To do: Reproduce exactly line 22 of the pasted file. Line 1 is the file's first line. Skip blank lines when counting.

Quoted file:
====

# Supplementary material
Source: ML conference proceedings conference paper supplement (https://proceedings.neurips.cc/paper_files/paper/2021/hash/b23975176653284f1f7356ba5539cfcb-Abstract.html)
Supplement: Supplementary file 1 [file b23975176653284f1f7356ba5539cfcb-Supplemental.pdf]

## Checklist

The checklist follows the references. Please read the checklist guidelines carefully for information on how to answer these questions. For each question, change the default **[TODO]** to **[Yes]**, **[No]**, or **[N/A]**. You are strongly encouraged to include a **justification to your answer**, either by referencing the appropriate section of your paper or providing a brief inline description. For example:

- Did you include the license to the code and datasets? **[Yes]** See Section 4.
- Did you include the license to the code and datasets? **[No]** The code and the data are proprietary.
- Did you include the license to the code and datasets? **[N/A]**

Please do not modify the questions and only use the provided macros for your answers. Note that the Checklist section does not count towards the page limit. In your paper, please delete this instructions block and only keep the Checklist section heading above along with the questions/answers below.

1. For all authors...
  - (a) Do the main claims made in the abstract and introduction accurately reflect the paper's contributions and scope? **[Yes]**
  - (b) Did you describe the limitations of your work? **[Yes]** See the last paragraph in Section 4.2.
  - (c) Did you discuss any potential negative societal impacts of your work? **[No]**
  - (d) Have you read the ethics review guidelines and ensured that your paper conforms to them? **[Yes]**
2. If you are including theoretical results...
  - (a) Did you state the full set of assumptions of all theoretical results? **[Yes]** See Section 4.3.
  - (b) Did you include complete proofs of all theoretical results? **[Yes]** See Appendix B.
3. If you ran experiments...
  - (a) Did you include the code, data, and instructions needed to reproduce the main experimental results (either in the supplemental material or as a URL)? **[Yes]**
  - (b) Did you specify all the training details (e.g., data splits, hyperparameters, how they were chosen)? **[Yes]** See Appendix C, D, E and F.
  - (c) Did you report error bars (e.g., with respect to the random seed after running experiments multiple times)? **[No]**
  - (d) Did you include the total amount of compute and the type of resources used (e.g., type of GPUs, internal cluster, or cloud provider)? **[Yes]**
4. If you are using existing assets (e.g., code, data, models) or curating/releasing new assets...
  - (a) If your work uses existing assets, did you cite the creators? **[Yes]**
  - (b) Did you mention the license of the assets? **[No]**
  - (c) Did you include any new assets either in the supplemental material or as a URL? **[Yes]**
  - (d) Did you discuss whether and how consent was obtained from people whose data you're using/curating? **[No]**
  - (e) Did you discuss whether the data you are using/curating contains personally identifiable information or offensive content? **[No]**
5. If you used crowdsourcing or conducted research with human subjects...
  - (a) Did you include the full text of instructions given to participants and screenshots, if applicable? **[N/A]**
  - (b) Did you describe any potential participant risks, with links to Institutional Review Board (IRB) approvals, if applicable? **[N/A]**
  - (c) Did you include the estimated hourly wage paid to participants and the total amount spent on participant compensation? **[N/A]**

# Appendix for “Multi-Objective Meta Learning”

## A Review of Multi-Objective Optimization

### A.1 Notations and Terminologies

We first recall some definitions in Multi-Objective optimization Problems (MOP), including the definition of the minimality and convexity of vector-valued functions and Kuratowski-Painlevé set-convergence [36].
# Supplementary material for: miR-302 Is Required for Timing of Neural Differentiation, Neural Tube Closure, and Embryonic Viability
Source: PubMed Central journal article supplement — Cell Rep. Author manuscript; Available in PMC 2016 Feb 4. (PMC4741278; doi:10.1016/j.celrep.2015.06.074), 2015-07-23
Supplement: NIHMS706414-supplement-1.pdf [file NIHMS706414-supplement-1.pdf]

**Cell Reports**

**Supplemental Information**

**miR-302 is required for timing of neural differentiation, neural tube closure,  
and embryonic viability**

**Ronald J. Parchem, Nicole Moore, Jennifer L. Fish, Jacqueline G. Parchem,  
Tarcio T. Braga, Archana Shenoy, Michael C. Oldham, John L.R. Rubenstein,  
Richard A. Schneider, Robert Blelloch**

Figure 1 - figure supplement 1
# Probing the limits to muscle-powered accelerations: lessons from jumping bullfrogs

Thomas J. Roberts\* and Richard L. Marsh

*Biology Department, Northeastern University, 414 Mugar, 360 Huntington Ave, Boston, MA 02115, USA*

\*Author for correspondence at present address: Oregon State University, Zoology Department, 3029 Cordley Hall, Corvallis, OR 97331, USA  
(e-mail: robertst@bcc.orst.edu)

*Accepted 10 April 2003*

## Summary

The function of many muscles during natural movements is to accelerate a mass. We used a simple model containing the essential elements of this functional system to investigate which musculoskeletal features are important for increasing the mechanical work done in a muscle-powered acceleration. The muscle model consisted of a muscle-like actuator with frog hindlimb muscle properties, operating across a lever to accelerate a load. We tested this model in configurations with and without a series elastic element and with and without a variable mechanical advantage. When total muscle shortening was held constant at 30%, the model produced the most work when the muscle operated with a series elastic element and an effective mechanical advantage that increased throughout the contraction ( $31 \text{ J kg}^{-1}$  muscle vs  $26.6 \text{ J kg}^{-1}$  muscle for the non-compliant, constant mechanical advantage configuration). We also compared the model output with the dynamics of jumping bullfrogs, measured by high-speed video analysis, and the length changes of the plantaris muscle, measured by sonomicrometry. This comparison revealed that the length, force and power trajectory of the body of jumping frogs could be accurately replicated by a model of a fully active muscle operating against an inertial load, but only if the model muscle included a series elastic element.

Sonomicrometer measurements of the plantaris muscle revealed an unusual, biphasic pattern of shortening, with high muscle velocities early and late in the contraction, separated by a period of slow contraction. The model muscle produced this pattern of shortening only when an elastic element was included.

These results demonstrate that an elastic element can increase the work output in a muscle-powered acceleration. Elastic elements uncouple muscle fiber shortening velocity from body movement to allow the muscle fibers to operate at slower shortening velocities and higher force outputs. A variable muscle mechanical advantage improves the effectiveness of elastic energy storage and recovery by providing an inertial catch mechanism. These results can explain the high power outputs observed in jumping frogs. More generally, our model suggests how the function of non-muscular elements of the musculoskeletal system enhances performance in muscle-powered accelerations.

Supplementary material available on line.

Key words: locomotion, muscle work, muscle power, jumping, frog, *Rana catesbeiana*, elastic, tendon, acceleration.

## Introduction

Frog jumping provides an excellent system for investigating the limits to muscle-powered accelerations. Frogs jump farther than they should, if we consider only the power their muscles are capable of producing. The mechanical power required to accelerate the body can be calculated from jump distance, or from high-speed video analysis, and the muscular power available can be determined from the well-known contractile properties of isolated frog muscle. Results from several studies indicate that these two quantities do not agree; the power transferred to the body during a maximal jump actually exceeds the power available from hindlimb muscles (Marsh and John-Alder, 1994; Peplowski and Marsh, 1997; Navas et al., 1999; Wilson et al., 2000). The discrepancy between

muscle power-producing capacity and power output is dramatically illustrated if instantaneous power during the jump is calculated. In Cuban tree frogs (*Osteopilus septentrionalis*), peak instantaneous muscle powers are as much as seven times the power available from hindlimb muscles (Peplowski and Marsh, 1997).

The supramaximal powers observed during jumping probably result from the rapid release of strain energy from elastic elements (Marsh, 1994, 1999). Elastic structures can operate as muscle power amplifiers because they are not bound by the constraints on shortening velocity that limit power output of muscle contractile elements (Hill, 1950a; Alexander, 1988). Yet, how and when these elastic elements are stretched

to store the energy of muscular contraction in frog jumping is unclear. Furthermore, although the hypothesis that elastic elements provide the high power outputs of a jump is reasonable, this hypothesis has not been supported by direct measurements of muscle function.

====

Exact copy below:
  - (d) Did you include the total amount of compute and the type of resources used (e.g., type of GPUs, internal cluster, or cloud provider)? **[Yes]**